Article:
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Engineered Mosquitoes Approved for Disease Control

Aedes aegypti mosquito

Aedes aegypti mosquito biting a human (U.S. Dept of Agriculture)

21 Aug. 2020. In an apparent end to a long-running dispute, authorities in the Florida Keys approved a field trial of engineered mosquitoes to control tropical diseases. Oxitec Ltd., based in Oxford, U.K., received approval this week for a demonstration project of its Aedes aegypti mosquitoes, known carriers of viral diseases including Zika, dengue, chikungunya, and yellow fever.

Oxitec developed its genetically-engineered Aedes aegypti mosquito to head off outbreaks of these viral diseases. Oxitec uses genetic engineering techniques to insert a gene in males of the species that when released into the wild mate with females, produce non-biting offspring that die before becoming adults, and thus are prevented from having further offspring. As a result, the Aedes aegypti mosquito population in the area of the release is sharply reduced or eliminated.

As reported by Science & Enterprise in November 2016, Oxitec first proposed a field trial of its engineered mosquitoes in the Florida Keys, the string of islands stretching from the mainland into the Caribbean, but faced resistance from some residents. A referendum in Monroe Country, Florida that includes the Keys, found a majority of the country’s residents supported the trial, but the town of Key Haven, where the trial was set to take place, voted no. Later in the month, the Florida Keys Mosquito Control District board, the governing authority in the matter, approved the trial.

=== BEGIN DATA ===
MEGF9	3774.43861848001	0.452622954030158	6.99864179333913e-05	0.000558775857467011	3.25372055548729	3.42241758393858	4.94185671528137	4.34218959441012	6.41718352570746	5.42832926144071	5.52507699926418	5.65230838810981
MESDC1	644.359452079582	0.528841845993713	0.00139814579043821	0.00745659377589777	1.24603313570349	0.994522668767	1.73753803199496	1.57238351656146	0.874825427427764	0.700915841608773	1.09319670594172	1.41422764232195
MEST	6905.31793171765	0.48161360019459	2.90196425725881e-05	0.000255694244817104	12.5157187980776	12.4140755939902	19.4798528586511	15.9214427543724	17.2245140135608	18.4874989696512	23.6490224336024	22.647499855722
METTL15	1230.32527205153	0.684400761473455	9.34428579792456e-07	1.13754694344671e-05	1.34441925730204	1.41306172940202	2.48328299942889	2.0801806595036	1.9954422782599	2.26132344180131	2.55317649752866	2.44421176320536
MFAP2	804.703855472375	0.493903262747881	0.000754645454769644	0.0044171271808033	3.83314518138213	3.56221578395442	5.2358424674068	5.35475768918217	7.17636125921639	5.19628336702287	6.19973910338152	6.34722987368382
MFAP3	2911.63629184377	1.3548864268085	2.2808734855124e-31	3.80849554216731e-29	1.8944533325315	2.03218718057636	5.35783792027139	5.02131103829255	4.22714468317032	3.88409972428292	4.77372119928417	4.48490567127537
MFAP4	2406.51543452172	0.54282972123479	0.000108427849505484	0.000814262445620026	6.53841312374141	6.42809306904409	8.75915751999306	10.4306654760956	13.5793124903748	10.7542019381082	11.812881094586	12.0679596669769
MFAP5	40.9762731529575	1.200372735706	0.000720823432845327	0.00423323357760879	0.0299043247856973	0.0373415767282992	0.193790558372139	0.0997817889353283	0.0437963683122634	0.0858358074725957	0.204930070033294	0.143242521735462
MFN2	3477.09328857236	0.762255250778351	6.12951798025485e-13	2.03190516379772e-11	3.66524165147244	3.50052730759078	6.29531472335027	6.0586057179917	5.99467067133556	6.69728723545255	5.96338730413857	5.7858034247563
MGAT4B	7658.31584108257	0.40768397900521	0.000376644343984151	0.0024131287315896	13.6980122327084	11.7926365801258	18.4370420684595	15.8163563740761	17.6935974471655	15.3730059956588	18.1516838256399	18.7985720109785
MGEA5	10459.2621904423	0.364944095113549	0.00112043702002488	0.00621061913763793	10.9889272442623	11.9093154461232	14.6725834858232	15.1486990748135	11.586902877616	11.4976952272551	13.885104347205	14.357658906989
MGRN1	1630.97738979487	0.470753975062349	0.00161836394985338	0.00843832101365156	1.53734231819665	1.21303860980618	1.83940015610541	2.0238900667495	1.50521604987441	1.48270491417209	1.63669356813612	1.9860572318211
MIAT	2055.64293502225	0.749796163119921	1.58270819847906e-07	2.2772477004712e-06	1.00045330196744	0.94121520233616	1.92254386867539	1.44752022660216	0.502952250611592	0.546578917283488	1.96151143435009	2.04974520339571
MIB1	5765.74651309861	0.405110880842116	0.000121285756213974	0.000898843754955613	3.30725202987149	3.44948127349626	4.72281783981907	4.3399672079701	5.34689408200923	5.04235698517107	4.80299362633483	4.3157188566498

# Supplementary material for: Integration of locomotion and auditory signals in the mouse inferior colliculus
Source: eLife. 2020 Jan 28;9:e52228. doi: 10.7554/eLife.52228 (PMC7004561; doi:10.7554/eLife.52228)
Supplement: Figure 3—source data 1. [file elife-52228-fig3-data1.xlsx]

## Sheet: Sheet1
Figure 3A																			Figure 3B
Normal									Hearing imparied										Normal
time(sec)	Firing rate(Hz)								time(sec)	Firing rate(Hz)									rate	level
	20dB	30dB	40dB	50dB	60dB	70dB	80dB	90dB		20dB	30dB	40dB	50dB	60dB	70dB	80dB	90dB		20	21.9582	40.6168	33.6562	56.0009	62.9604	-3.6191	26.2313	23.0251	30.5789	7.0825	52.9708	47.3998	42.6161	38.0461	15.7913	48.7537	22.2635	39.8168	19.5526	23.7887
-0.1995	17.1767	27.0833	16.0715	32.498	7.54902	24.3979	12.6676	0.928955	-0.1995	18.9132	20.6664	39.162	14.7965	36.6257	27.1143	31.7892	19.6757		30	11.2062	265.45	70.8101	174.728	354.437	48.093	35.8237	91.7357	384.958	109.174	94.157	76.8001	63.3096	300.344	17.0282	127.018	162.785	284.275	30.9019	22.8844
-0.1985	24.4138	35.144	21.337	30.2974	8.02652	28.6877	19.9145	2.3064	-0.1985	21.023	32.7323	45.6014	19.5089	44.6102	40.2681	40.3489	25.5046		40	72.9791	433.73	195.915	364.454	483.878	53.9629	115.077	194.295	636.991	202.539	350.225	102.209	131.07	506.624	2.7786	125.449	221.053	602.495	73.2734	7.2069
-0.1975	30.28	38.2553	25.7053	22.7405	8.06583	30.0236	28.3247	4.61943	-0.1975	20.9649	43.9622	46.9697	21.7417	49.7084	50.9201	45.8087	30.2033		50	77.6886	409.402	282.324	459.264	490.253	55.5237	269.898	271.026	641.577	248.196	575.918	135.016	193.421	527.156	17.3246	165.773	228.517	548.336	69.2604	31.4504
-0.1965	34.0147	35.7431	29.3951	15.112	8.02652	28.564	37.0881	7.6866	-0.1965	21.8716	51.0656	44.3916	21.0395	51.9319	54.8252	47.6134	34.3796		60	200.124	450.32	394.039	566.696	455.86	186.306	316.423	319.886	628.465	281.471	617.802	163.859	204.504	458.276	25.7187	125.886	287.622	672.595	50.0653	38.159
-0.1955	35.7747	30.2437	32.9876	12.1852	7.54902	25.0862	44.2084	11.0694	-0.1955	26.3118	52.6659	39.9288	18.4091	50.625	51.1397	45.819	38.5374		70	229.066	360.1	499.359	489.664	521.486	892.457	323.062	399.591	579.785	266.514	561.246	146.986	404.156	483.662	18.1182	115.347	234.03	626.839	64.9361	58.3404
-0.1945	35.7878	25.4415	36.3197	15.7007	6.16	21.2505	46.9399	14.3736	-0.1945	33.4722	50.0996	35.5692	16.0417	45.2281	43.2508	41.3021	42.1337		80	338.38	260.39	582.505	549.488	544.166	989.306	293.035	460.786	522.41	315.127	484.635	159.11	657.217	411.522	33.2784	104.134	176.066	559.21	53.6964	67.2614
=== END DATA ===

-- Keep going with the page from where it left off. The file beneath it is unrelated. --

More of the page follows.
In September 2019, however, researchers in the U.S. and Brazil tested the company’s mosquitoes released in Brazil, and published data showing some engineered male insects survive into adulthood and pass on parts of their genome to future generations. The findings, reported in the journal Scientific Reports, were challenged by Oxitec that claimed the authors made speculative statements and ignored years of independent data supporting the company’s mosquitoes. In March of 2020, the journal issued an Editorial Express of Concern indicating some conclusions in the paper were not supported by the data, leading to several authors withdrawing their names from the paper.

Since the first Florida trial, Oxitec developed a new variety of engineered mosquito that the company submitted to federal agencies for review. Genes in the new variety of Aedes aegypti mosquito express an additional protein further limiting the viability of offspring. Earlier this year, the company received approval to conduct its demonstration project from the U.S. Environmental Protection Agency, Centers for Disease Control and Protection, and seven state agencies in Florida that the company says found no risk to humans, animals or the environment, including endangered species.

The Florida Keys Mosquito Control District approval finalizes the experimental use permit to proceed with the demonstration project. Oxitec says the control district authority will continue to monitor the project, which will be independently evaluated by CDC and University of Florida’s Medical Entomology Laboratory.

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